LAMMERGEIER IMAGES CAN BE STRIKING AS TINY SUBJECTS AGAINST A VAST LANDSCAPE. I was hide testing for our partners in Catalonia, La Sabina, and even though I was not lucky to have a bird land at their new feeding station (as they had been doing regularly the previous week) I still managed a nice composition. A wonderful partly snowy Pyrennean background dominates the scene in front of their hide but the only Lammergeier(s) I saw were in the valley below and bored with no sign of any other worthwhile opportunities I tracked a distant bird as it passed across the mountainside, firing when it crossed a dark pine forest. I always shoot fully manual and was happily correctly exposed for the bird, therefore darkening the forest below it and giving an almost night-time effect. Just a lucky outcome but now one of my favourite Lammer images and another lesson that birds do not need to be big in the frame and tightly-cropped like a postage stamp. See how the Lammergeier's massive tail make it look like it has a third wing!
Viewing entries tagged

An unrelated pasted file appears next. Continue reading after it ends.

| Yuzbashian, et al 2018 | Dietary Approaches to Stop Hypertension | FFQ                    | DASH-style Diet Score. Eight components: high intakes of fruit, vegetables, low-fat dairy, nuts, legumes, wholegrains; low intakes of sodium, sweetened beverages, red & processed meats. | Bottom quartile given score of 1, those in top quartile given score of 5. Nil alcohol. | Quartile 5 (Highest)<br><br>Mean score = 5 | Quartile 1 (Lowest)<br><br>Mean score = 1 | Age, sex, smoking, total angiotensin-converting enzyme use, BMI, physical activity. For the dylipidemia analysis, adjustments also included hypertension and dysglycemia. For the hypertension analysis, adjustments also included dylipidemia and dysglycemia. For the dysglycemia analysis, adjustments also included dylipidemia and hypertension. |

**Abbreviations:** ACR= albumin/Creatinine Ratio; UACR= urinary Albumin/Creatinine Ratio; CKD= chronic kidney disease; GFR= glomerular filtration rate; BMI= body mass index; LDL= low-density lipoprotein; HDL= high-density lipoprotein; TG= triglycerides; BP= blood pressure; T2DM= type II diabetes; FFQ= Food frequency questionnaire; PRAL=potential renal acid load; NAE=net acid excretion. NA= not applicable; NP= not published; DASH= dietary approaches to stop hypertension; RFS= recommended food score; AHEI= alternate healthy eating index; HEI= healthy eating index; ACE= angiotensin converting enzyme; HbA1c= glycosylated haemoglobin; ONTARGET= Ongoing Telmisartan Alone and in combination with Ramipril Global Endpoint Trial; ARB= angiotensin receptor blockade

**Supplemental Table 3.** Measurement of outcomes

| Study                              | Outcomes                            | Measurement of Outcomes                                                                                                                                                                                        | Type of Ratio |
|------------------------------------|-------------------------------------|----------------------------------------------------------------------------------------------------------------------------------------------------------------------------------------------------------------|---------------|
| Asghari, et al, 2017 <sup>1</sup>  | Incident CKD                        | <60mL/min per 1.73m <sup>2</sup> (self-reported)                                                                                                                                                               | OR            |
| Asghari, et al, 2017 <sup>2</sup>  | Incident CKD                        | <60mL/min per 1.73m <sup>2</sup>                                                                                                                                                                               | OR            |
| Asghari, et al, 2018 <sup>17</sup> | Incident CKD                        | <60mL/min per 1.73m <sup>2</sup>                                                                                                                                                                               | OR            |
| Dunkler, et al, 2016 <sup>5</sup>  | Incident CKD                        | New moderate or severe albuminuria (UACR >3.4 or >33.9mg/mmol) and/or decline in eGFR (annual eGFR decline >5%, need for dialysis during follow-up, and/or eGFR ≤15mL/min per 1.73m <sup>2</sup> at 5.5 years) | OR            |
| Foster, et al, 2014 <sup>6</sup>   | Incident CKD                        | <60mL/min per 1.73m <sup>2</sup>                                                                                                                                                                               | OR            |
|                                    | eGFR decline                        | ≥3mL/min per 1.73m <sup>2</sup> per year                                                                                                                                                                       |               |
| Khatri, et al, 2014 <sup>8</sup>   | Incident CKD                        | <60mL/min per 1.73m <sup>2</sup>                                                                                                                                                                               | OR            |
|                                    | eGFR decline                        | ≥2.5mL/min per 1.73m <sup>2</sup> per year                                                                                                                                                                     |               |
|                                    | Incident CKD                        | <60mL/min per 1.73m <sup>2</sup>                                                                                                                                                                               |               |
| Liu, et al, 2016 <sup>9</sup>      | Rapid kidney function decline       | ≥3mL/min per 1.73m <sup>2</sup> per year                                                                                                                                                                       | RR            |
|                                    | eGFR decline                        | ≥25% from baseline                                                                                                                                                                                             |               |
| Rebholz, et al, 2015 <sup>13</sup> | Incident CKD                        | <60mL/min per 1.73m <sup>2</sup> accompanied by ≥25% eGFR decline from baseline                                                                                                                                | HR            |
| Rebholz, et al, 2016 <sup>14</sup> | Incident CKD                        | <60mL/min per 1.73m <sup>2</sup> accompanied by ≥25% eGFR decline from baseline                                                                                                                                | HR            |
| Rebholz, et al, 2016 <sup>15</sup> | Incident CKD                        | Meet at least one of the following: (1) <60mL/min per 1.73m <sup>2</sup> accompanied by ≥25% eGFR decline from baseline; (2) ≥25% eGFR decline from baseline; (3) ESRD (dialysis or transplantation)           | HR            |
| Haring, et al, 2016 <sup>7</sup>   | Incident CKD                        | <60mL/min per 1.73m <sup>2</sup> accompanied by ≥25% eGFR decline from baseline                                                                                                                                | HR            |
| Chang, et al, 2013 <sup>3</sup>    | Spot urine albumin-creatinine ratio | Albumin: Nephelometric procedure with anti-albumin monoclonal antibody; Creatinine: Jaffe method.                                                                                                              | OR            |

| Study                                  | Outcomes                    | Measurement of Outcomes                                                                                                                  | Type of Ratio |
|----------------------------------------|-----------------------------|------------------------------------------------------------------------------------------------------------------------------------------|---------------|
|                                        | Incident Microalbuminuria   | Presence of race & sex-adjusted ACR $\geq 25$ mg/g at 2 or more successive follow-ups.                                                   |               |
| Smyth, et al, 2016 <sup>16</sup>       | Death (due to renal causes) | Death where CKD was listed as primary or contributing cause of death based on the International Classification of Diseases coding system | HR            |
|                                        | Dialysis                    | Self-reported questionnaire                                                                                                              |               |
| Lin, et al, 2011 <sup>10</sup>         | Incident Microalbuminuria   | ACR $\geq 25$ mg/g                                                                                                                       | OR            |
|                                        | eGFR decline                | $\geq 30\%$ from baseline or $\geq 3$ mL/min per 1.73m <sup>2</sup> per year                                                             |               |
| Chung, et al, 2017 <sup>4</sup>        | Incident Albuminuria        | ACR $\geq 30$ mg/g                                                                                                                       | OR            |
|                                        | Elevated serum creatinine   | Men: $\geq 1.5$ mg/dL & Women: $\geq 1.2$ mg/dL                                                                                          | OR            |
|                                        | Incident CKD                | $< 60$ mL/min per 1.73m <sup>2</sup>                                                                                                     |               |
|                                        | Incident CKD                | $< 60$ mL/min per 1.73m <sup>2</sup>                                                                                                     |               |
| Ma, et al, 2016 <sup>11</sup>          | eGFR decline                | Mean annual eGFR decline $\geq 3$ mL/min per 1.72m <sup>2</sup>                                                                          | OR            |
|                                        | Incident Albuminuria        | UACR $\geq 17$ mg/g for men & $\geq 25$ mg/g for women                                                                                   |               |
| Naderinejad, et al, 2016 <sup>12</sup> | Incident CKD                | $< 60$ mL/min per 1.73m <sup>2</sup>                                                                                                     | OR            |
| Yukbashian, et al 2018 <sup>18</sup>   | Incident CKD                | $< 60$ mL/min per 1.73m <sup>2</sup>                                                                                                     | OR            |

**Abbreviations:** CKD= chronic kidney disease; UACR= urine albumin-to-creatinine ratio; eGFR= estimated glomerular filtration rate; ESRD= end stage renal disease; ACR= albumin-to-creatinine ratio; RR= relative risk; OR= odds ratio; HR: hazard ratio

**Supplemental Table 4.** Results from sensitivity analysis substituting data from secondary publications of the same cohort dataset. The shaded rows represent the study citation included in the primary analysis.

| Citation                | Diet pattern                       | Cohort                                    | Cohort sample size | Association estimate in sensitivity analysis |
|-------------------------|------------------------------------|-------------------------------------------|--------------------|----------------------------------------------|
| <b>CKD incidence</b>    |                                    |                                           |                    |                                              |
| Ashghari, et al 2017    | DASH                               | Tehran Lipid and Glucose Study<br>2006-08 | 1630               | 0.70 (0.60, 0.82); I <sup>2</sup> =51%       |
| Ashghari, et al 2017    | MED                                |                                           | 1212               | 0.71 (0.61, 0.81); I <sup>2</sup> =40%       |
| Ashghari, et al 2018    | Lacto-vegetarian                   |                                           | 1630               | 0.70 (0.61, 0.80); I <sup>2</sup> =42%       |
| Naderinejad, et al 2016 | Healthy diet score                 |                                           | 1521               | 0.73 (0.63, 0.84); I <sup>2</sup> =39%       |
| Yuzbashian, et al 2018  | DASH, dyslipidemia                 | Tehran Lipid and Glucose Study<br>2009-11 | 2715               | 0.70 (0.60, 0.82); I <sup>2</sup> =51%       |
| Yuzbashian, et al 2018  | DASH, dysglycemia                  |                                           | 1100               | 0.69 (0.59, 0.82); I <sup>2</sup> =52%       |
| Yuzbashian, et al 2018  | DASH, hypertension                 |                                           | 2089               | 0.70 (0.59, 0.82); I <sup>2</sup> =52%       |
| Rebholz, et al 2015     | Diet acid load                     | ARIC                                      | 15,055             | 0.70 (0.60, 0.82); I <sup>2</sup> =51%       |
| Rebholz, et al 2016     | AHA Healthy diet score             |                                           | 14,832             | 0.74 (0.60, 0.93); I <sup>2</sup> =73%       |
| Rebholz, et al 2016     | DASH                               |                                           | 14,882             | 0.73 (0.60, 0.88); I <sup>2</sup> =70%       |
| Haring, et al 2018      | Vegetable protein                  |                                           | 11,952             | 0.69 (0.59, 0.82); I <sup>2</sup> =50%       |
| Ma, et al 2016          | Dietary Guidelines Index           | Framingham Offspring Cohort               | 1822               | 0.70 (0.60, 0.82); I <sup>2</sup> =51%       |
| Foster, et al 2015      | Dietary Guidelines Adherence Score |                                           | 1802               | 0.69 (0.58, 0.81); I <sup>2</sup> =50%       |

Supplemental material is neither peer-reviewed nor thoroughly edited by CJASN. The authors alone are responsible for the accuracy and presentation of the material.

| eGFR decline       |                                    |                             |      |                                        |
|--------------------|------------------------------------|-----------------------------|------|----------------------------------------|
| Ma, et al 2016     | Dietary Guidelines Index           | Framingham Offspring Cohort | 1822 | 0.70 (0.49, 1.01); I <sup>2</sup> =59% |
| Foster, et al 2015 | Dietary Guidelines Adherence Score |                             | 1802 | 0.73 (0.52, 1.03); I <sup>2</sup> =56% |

HIGH IN CATALONIA'S SERRA DE BOUMORT (= 'mountain of the dead cow' on account of the cows that got their legs stuck in or were fatally injured in the rocky landscape) we enjoyed probably our best photo session so far for Lammergeiers. They are notoriously shy creatures and take some time to come down for a free meal, circling for ages and thoroughly checking the surrounding area for danger before risking a landing. The local population of these truly amazing birds continues to flourish, thanks to the regular supply of carrion put out for the last 30 years at several feeding stations in this part of the Pre-Pyrenees range. Here they are 'bone-swallowers' rather than 'bone-breakers', thanks to the ideally-sized sheep's limbs provided for them. As usual we saw all four regular Spanish vultures from the hide including an insane frenzy of griffons but the Lammers stole the show, also as usual. They have the look of a missing link about them and would not be out of place in such as Avatar with their striking plumage, beard (or rather moustache) and just under three meters wingspan! PH1 stomach acid allows the vultures to digest bone inside 24 hours - I have seen them swallow two sheep legs at one sitting previously.